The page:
As Egypt prepares for presidential elections this year, the interim government this week announced its second stimulus package in six months, injecting billions of dirhams into the economy.
The bulk of the money will be spent on development projects and, the government hopes, this should stave off public disquiet, three years on from the uprising that toppled Hosni Mubarak. The stimulus plan, while important, is not the end of the story. It is barely the beginning. Because once there is a new president in Egypt – and therefore, one hopes, some measure of stability – the country will have to start asking itself some serious questions.
The first of these is, “What type of economy must we build?” Egyptians have, rightly, bemoaned the collapse of tourism since the start of the 2011 uprising. This vital sector has been decimated. Yet tourism only accounts for 10-15 per cent of the country’s economy. What about the rest?
What Egypt needs is a way of creating low- to mid-level jobs that can provide enough training for workers to progress. Tourism doesn’t do that. Although tourism brings money into the economy (a great deal of money, in fact), this money is not evenly distributed. Workers in tourist hotels don’t earn much and, crucially, can rarely progress to higher-paid jobs. Due to years of stagnation in the education system in Egypt – another major problem for Egypt’s leaders – there are many people who have not had the educational opportunities they deserve, and so would need jobs commensurate with their current skills, but with the ability to progress.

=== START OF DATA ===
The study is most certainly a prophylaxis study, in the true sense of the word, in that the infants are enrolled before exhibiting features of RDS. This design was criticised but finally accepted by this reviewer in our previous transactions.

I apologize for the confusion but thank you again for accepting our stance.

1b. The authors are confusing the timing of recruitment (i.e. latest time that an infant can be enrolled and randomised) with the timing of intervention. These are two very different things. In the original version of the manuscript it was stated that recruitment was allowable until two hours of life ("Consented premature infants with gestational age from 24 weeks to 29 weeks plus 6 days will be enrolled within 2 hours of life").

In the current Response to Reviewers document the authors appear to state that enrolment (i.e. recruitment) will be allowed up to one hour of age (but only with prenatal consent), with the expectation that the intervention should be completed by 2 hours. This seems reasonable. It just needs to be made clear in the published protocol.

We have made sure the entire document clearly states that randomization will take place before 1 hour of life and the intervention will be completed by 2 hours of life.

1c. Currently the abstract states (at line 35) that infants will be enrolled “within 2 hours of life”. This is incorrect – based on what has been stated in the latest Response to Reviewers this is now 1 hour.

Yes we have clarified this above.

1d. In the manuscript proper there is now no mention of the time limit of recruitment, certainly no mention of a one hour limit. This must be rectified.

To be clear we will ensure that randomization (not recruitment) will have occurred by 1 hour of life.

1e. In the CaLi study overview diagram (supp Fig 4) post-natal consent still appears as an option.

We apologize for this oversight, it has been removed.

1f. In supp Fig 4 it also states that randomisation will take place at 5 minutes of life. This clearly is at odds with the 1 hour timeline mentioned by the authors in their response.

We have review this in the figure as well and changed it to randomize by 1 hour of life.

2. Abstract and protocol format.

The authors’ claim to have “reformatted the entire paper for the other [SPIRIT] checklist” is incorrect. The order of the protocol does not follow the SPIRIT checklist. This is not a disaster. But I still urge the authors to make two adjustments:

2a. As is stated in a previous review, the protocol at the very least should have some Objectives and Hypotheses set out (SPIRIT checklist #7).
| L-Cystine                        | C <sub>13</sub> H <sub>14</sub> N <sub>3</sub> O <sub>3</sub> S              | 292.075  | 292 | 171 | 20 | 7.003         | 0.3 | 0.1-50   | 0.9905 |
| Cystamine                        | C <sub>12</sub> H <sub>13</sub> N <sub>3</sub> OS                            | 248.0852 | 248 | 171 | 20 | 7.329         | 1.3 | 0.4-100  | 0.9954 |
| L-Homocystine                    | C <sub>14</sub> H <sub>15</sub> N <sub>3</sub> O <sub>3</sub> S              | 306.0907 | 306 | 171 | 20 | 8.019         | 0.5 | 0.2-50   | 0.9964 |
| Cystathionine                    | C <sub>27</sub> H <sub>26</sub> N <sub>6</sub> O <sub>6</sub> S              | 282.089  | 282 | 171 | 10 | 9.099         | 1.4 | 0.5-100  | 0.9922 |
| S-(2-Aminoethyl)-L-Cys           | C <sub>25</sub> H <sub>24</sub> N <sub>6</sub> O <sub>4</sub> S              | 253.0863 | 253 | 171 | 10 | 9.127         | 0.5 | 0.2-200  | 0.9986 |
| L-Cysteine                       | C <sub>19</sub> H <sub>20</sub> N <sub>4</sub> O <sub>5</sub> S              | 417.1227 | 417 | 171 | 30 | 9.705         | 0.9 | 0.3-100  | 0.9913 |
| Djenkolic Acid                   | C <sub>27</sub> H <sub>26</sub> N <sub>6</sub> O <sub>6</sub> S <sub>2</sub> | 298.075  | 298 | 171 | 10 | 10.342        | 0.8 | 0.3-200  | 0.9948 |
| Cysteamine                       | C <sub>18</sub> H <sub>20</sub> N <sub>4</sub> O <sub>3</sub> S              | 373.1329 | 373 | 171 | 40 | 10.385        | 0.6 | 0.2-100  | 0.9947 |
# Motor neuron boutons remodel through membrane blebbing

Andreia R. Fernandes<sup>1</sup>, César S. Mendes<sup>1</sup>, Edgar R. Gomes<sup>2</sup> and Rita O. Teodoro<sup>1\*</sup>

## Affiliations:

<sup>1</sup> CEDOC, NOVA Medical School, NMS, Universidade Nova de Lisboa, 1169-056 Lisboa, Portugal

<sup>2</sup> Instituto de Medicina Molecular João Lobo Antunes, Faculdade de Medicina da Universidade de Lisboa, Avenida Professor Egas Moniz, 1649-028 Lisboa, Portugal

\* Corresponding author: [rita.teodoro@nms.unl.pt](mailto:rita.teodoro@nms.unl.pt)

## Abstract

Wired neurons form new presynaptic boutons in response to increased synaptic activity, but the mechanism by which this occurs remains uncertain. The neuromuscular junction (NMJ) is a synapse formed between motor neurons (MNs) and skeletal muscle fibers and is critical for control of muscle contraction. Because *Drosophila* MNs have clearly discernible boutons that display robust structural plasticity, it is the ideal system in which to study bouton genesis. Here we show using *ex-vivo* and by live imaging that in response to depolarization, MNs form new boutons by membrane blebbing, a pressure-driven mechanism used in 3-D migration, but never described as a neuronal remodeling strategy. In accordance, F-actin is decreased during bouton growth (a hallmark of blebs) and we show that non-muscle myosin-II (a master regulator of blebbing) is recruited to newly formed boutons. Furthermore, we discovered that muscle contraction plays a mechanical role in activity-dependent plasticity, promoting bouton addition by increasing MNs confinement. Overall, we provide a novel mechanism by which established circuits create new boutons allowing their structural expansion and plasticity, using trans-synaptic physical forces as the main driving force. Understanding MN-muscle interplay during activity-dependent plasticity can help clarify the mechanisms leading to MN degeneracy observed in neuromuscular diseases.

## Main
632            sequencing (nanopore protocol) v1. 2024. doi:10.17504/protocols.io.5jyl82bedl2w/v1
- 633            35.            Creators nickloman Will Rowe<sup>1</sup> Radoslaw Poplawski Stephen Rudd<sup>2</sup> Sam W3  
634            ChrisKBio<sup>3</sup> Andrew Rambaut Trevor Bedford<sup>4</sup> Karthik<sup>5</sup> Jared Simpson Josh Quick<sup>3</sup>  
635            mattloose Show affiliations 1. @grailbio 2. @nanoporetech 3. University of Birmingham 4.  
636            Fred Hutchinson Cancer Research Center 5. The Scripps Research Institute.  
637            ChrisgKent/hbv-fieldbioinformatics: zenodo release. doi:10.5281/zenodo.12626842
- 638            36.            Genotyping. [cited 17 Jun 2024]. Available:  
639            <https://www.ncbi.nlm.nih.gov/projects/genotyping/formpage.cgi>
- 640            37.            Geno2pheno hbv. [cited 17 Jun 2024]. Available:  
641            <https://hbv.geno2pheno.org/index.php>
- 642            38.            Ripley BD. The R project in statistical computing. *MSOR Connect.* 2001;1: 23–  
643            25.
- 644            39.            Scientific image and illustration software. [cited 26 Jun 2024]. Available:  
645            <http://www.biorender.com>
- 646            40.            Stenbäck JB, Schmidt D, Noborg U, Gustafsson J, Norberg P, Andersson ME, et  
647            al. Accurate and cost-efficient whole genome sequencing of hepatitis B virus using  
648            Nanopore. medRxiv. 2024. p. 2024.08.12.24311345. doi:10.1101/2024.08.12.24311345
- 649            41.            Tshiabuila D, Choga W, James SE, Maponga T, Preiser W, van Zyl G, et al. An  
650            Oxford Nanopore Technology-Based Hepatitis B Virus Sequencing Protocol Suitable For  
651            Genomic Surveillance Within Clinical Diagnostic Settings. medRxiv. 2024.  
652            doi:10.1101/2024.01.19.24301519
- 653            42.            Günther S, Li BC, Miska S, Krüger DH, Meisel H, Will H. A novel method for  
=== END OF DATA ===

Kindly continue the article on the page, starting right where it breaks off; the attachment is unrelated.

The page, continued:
One option is manufacturing. Egypt used to make things. But the rise of China and India meant that many industries closed, strangled by a lack of demand and government bureaucracy. Egypt must discover manufacturing again, with government support.
If it does so, there is a vast continent hungry for goods. Not Europe, which is struggling itself, but Africa, which is a rising giant that Egypt should aspire to sell to. There is a whole continent in Africa that could buy the things Egypt could make, and there are long-standing links of trade that could make it happen. But it won’t happen without government support and vision. Egypt has spent many years looking inwards. When it finally looks up, it should look south for its future.